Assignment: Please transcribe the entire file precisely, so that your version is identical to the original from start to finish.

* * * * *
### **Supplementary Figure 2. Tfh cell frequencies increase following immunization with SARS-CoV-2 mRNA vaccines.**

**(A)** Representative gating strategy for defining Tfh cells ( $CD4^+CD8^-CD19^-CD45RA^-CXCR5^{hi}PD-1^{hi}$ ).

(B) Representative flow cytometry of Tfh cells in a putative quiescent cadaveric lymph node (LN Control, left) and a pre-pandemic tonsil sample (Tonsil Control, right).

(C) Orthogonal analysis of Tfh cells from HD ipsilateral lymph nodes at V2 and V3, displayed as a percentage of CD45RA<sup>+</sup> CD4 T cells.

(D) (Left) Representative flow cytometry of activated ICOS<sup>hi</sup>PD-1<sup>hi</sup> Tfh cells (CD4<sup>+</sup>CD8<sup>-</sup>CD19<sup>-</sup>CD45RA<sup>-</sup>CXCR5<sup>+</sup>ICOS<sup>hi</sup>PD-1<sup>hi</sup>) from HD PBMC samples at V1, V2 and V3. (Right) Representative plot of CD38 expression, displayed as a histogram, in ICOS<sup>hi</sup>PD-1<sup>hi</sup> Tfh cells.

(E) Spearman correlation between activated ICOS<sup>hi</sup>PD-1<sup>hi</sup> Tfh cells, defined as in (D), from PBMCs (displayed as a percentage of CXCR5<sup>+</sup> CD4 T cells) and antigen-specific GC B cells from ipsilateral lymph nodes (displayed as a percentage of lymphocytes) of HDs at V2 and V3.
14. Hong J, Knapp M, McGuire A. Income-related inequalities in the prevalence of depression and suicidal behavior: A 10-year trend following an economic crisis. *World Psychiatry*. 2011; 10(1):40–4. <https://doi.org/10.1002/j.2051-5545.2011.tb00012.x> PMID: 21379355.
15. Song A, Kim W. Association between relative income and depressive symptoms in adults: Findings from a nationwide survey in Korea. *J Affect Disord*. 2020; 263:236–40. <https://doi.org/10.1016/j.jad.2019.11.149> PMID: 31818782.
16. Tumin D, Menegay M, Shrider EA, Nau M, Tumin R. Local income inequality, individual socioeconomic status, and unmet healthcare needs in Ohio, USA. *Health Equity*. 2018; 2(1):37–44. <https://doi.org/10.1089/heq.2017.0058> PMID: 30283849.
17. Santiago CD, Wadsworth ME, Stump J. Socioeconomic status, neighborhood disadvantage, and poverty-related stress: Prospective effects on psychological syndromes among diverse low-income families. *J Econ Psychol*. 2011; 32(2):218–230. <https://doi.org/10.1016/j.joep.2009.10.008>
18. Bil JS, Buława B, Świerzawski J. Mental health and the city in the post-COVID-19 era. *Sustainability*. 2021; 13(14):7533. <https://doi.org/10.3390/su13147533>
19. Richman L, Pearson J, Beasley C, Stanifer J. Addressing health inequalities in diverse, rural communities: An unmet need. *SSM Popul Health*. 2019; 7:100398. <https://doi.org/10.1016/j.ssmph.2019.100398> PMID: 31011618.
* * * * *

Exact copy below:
### **Supplementary Figure 2. Tfh cell frequencies increase following immunization with SARS-CoV-2 mRNA vaccines.**

**(A)** Representative gating strategy for defining Tfh cells ( $CD4^+CD8^-CD19^-CD45RA^-CXCR5^{hi}PD-1^{hi}$ ).

(B) Representative flow cytometry of Tfh cells in a putative quiescent cadaveric lymph node (LN Control, left) and a pre-pandemic tonsil sample (Tonsil Control, right).

(C) Orthogonal analysis of Tfh cells from HD ipsilateral lymph nodes at V2 and V3, displayed as a percentage of CD45RA<sup>+</sup> CD4 T cells.

(D) (Left) Representative flow cytometry of activated ICOS<sup>hi</sup>PD-1<sup>hi</sup> Tfh cells (CD4<sup>+</sup>CD8<sup>-</sup>CD19<sup>-</sup>CD45RA<sup>-</sup>CXCR5<sup>+</sup>ICOS<sup>hi</sup>PD-1<sup>hi</sup>) from HD PBMC samples at V1, V2 and V3. (Right) Representative plot of CD38 expression, displayed as a histogram, in ICOS<sup>hi</sup>PD-1<sup>hi</sup> Tfh cells.

(E) Spearman correlation between activated ICOS<sup>hi</sup>PD-1<sup>hi</sup> Tfh cells, defined as in (D), from PBMCs (displayed as a percentage of CXCR5<sup>+</sup> CD4 T cells) and antigen-specific GC B cells from ipsilateral lymph nodes (displayed as a percentage of lymphocytes) of HDs at V2 and V3.
14. Hong J, Knapp M, McGuire A. Income-related inequalities in the prevalence of depression and suicidal behavior: A 10-year trend following an economic crisis. *World Psychiatry*. 2011; 10(1):40–4. <https://doi.org/10.1002/j.2051-5545.2011.tb00012.x> PMID: 21379355.
15. Song A, Kim W. Association between relative income and depressive symptoms in adults: Findings from a nationwide survey in Korea. *J Affect Disord*. 2020; 263:236–40. <https://doi.org/10.1016/j.jad.2019.11.149> PMID: 31818782.
16. Tumin D, Menegay M, Shrider EA, Nau M, Tumin R. Local income inequality, individual socioeconomic status, and unmet healthcare needs in Ohio, USA. *Health Equity*. 2018; 2(1):37–44. <https://doi.org/10.1089/heq.2017.0058> PMID: 30283849.
17. Santiago CD, Wadsworth ME, Stump J. Socioeconomic status, neighborhood disadvantage, and poverty-related stress: Prospective effects on psychological syndromes among diverse low-income families. *J Econ Psychol*. 2011; 32(2):218–230. <https://doi.org/10.1016/j.joep.2009.10.008>
18. Bil JS, Buława B, Świerzawski J. Mental health and the city in the post-COVID-19 era. *Sustainability*. 2021; 13(14):7533. <https://doi.org/10.3390/su13147533>
19. Richman L, Pearson J, Beasley C, Stanifer J. Addressing health inequalities in diverse, rural communities: An unmet need. *SSM Popul Health*. 2019; 7:100398. <https://doi.org/10.1016/j.ssmph.2019.100398> PMID: 31011618.